Alberta’s Ukrainian community worries about family and friends overseas

Alberta’s Ukrainian community is increasingly worried about family and friends in Ukraine, after Russia further escalated the situation along the countries’ common border.

Fighting in the Donbass region of eastern Ukraine has been going on since 2014. But Russia recently mobilized around 100,000 troops, as well as tanks and artillery, near the northern, eastern and southern Ukraine, suggesting there could be an invasion if Russia doesn’t get its geopolitical whims.

“There is a lot of concern within our community here in Alberta, because we are deeply rooted,” said Orysia Boychuk, President of the Congress of Ukrainian Canadians – Alberta Provincial Council.

Generations of Ukrainians have immigrated to Alberta over the past 130 years, and many people within the local Ukrainian community still have ties to people who still live in the Eastern European country, explained Boychuk.

“There’s a very deep emotional connection,” she said. “We are worried about the political stability of the country and what the future holds for Ukraine, because there is a lot of fear, there is a lot of tension at the moment.”

Ukraine has been striving for several years to become a member of NATO – the North Atlantic Treaty Organization, a political and military alliance between North American and European member countries.

But Russia says it wants NATO not to accept the country into its alliance, as well as a guarantee from the organization that it will not expand into areas Russia considers part of. its sphere of influence.

Russia also wants the United States to withdraw nuclear weapons from Europe and for Western allies to stop rotating troops in several Eastern European countries.

NATO has rejected these demands, so Russia’s recent military action appears to be a coup to get what it wants.

Several countries, including Canada, have threatened to impose economic sanctions on Russia in the event of an invasion.

Either way, the situation is seen as the most significant escalation since the Cold War – the decades-long overt but restrained rivalry between the United States and the former Soviet Union, and their respective allies, which raised fears of nuclear war.

People in Ukraine are trying to stay calm, but they are worried, especially those who live closer to the country’s borders, Boychuk said, based on conversations she and others have had with loved ones. .

“They are thinking about the next steps and what it would really mean now, if they were to go to war, and what the implications would be. [would be] for them,” she said.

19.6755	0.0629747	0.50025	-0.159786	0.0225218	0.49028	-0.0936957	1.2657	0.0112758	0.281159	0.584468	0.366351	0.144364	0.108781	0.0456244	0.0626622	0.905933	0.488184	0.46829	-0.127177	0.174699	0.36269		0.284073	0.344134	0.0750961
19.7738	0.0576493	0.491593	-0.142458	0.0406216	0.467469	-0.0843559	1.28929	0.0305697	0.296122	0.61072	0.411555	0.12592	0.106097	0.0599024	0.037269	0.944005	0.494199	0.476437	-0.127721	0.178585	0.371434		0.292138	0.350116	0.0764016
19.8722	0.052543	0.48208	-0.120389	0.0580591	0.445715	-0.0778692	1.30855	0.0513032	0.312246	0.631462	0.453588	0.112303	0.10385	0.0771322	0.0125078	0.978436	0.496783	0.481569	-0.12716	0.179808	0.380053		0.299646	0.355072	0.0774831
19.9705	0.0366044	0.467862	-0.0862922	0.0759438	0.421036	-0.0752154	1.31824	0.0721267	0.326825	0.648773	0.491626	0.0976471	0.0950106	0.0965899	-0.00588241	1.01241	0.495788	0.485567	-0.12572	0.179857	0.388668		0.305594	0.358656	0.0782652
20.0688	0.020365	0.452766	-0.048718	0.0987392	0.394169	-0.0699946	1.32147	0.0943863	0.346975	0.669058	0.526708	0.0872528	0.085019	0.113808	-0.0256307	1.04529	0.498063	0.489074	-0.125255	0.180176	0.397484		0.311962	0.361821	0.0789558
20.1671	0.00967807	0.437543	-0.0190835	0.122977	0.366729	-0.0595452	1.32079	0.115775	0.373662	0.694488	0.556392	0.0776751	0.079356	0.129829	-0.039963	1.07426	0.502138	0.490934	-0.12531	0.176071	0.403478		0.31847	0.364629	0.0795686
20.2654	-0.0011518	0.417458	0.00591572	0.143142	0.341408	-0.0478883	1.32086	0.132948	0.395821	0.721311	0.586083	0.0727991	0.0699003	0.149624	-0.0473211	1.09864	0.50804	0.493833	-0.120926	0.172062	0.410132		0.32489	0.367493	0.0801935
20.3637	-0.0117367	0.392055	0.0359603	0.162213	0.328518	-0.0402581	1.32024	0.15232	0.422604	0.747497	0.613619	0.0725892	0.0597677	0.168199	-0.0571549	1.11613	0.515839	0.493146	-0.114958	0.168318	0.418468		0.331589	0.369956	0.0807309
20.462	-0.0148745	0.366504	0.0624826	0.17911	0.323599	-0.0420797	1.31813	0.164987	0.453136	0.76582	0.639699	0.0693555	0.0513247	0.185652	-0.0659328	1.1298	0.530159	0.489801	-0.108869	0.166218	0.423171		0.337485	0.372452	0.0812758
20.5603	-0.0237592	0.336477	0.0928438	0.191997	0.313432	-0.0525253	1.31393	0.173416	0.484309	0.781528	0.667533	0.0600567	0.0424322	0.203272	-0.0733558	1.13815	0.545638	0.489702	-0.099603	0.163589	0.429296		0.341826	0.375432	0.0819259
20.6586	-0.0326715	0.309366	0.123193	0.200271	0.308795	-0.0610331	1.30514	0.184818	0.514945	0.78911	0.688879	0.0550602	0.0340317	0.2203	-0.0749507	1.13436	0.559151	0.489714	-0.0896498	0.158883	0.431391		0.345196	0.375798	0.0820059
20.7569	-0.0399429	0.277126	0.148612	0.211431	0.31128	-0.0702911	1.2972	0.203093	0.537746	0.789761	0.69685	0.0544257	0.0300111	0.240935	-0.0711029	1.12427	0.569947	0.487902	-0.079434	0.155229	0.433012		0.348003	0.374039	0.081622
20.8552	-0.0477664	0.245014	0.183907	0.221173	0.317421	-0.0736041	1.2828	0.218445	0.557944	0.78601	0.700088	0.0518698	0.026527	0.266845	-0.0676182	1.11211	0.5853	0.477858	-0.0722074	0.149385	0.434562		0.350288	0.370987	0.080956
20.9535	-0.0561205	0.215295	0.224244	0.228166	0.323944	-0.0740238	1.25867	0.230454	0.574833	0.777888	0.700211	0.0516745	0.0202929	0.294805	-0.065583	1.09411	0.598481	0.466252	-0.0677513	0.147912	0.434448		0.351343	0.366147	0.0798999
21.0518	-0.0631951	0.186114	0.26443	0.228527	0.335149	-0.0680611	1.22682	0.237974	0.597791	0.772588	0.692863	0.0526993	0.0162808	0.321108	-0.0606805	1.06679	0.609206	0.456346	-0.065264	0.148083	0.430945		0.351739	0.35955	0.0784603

If war breaks out, millions of people will likely flee Ukraine and seek refugee status elsewhere, Boychuk said.

The Ukrainian community in Alberta is trying to find ways to help these people if this scenario occurs, she said.

Vitaliy Milentyev, president of the Alberta-Ukrainian Chamber of Commerce, said it’s hard to think of recent times when things went like this.

“The situation is undeniably tense,” he said. “It’s hotter than we’ve seen in the seven years, almost eight years now that the military conflict is ongoing.”

Milentyev said he believes the Canadian government should become more actively involved in this situation, as thousands of Ukrainians currently live in Canada.

“Aggression and all this tension are slowing down the country’s economic growth. Investments are not flowing in, people are extremely cautious when dealing with Ukraine,” he said.

“That in itself is just as damaging as all this nervousness across the country on the military side.”

January 22 is Ukraine Unity Day, marking the anniversary of the joining of eastern and western Ukraine in 1919.

There are a few small rallies across the province on Saturday for people to take photos and join the #StandWithUkraine campaign, showing solidarity and support for Ukrainians amid the situation abroad.

The Ukrainian Canadian Congress-Alberta Provincial Council is also planning protests in “the very near future”, Boychuk said.

Congress wants Canadians to reach out to their MPs, pushing for Canada to provide the military and economic support necessary for Ukrainians to defend themselves, Boychuk said.

He also wants NATO to speed up Ukraine’s EU membership action plan and tougher sanctions on Russia to deter it from further aggression, she said.

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